Abstract: Many people with dual diagnosis present with social complexity that impedes service access. The role of social work support in such service navigation is poorly understood. This study aims to characterise client presentations to an Australian telephone-based social work alcohol and other drug (AOD) service navigation and linkage program, with consideration of presentation complexity compared between those clients who present with or without self-reported mental health (MH) concerns and a history of MH diagnoses, to identify differences in baseline characteristics, and linkage outcomes. A retrospective audit was conducted of routinely collected clinical information from a six-month period, selected to capture the social and health challenges experienced during the mid-pandemic period (mid-2021) in Victoria, Australia, during which a number of lockdowns resulted in a reliance on telephone-based services. The audit focused on client and presentation characteristics, and compared clients with and without a history of co-occurring MH and AOD concerns. It was found that three in four people accessing an Australian telephone-based AOD service navigation and linkage program presented with dual diagnosis. Individuals with dual diagnosis required more support from the service compared to those without a co-occurring MH disorder; but overall, were just as likely to achieve a successful linkage to services, when offered holistic, long-term social work support. This study focused on the role of social workers in this service navigation program in supporting individuals with complexity. It also highlights the challenges in operationalising social complexity factors alongside clinical MH and AOD diagnoses, and points to the need for further research to guide future service development for this vulnerable client group.
      Citation: Advances in Dual Diagnosis
      PubDate: 2023-01-20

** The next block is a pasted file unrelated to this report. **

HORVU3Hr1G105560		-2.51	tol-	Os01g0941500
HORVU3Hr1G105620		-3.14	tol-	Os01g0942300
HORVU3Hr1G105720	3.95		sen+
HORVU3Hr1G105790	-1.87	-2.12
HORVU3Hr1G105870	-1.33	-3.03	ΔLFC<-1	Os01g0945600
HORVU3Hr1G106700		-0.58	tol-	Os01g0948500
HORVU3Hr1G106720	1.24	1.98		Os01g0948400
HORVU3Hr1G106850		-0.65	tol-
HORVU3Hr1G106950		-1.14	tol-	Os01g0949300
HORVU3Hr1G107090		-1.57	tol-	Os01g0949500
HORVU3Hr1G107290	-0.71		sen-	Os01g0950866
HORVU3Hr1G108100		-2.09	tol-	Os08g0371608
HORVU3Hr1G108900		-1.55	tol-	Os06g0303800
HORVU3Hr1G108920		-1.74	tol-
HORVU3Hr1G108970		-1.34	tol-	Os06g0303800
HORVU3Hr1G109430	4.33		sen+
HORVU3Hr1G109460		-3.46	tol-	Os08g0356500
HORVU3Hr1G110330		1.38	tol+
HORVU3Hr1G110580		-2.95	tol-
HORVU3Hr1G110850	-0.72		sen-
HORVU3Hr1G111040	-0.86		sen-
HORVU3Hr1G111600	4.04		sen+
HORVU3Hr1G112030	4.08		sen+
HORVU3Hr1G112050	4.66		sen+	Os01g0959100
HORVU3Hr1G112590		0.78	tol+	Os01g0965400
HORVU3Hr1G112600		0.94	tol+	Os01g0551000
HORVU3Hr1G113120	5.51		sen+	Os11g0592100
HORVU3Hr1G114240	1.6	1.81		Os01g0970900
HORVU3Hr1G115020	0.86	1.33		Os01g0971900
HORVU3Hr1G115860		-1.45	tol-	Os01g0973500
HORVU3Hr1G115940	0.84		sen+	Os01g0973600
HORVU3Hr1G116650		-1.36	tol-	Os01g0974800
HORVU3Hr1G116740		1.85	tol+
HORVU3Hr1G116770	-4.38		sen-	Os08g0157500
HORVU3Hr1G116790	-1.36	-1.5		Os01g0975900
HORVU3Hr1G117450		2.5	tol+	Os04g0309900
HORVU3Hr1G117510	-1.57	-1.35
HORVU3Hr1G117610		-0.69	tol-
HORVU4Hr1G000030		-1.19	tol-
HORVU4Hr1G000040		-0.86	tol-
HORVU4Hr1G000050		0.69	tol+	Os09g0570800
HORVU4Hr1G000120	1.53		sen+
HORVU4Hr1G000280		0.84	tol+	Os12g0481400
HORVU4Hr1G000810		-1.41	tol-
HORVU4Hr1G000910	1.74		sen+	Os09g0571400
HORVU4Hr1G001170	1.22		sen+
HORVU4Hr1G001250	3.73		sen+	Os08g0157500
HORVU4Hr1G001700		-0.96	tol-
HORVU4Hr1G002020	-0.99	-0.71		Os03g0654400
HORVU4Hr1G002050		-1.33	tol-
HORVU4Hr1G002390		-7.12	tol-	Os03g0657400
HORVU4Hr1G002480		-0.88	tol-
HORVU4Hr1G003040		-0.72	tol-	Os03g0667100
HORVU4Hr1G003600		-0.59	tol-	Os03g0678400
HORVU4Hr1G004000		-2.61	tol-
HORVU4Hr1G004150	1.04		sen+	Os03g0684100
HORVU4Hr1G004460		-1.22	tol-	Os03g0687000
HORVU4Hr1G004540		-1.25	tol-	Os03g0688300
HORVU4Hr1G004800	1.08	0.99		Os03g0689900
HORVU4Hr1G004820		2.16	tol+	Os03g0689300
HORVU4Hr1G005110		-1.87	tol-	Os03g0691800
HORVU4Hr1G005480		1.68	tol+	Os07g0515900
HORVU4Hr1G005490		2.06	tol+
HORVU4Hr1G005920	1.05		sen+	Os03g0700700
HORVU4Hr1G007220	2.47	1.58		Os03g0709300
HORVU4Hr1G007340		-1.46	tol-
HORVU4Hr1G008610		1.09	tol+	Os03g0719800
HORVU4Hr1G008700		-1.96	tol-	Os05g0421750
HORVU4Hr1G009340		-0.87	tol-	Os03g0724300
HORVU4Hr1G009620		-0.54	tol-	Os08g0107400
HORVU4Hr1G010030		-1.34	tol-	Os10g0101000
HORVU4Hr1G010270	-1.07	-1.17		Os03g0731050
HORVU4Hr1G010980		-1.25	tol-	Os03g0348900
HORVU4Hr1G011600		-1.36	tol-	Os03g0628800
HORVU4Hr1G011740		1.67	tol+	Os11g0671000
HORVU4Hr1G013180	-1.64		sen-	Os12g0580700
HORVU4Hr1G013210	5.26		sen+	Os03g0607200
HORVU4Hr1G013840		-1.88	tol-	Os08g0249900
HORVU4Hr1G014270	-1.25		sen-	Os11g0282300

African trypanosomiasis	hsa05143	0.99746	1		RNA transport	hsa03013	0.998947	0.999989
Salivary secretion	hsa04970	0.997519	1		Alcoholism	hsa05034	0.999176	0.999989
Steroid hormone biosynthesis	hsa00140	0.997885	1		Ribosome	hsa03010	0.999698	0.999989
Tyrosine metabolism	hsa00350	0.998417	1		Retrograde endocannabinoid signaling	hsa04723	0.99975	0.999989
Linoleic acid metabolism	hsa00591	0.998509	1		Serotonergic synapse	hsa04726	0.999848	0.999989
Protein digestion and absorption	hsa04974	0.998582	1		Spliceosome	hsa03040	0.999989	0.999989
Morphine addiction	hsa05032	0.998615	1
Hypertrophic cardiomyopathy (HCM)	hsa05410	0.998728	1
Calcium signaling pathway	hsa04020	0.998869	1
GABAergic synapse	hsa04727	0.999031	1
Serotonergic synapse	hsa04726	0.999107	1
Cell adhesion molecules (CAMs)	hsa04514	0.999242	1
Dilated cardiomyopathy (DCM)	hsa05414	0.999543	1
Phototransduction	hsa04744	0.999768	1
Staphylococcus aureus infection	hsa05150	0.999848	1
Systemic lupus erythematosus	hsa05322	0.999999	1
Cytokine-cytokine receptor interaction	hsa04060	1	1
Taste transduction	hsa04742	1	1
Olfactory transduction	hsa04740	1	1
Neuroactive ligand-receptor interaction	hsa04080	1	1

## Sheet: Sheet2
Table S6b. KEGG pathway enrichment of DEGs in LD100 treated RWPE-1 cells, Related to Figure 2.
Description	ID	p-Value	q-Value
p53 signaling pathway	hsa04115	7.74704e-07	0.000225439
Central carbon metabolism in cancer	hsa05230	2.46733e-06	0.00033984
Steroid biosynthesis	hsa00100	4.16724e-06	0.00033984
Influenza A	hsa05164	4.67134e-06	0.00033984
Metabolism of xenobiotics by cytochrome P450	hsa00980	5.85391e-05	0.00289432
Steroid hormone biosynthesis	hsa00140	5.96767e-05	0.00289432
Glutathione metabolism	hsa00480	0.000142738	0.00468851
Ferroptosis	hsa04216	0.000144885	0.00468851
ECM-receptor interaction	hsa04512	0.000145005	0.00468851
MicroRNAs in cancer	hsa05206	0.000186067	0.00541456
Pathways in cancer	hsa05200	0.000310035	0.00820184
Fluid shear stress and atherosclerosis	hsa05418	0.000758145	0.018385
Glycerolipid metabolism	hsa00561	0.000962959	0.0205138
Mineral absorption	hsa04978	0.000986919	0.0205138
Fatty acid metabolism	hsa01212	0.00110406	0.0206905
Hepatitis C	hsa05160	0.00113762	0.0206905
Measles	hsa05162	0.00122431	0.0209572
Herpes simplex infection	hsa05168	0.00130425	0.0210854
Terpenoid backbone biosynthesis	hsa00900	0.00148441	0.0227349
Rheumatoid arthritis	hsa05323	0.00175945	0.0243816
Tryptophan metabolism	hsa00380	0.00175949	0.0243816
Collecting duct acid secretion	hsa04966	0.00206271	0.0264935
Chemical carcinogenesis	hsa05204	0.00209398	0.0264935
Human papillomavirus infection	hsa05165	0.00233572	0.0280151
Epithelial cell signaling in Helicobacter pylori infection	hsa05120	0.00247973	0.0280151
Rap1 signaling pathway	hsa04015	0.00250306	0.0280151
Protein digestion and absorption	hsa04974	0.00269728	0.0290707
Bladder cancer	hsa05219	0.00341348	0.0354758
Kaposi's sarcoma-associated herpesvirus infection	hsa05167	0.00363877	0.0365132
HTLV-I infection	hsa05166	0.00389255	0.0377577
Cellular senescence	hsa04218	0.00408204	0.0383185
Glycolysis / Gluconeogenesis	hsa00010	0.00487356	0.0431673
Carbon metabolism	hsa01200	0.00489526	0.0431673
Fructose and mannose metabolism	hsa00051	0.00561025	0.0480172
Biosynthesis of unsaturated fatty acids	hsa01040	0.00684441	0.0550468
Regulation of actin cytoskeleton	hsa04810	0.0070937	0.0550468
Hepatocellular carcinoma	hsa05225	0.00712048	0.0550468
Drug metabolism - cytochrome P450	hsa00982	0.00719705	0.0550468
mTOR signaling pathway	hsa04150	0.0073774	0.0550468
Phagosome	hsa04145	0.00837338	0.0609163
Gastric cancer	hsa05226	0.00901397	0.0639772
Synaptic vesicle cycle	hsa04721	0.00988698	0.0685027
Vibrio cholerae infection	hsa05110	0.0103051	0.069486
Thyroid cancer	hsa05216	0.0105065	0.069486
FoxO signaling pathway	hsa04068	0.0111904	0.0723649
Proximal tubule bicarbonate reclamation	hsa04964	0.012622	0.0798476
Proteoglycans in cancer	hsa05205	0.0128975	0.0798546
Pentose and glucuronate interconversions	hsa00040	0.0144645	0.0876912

DOI: 10.1108/ADD-10-2022-0027
      Issue No: Vol. ahead-of-print, No. ahead-of-print (2023)
       
  • Addiction recovery stories: Bethany Holmes in conversation with Lisa
           Ogilvie

    • Free pre-print version: Loading...

      Authors: Bethany Holmes, Lisa Ogilvie
      Abstract: The purpose of this paper is to examine recovery through lived experience. It is part of a series that explores candid accounts of addiction and recovery to identify important components in the recovery process. The G-CHIME model comprises six elements important to addiction recovery (growth, connectedness, hope, identity, meaning in life and empowerment). It provides a standard to against which to consider addiction recovery, having been used in this series, as well as in the design of interventions that improve well-being and strengthen recovery. In this paper, a first-hand account is presented, followed by a semi-structured e-interview with the author of the account. Narrative analysis is used to explore the account and interview through the G-CHIME model. This paper shows that addiction recovery is a remarkable process that can be effectively explained using the G-CHIME model. The significance of each component in the model is apparent from the account and e-interview presented. Each account of recovery in this series is unique, and as yet, untold.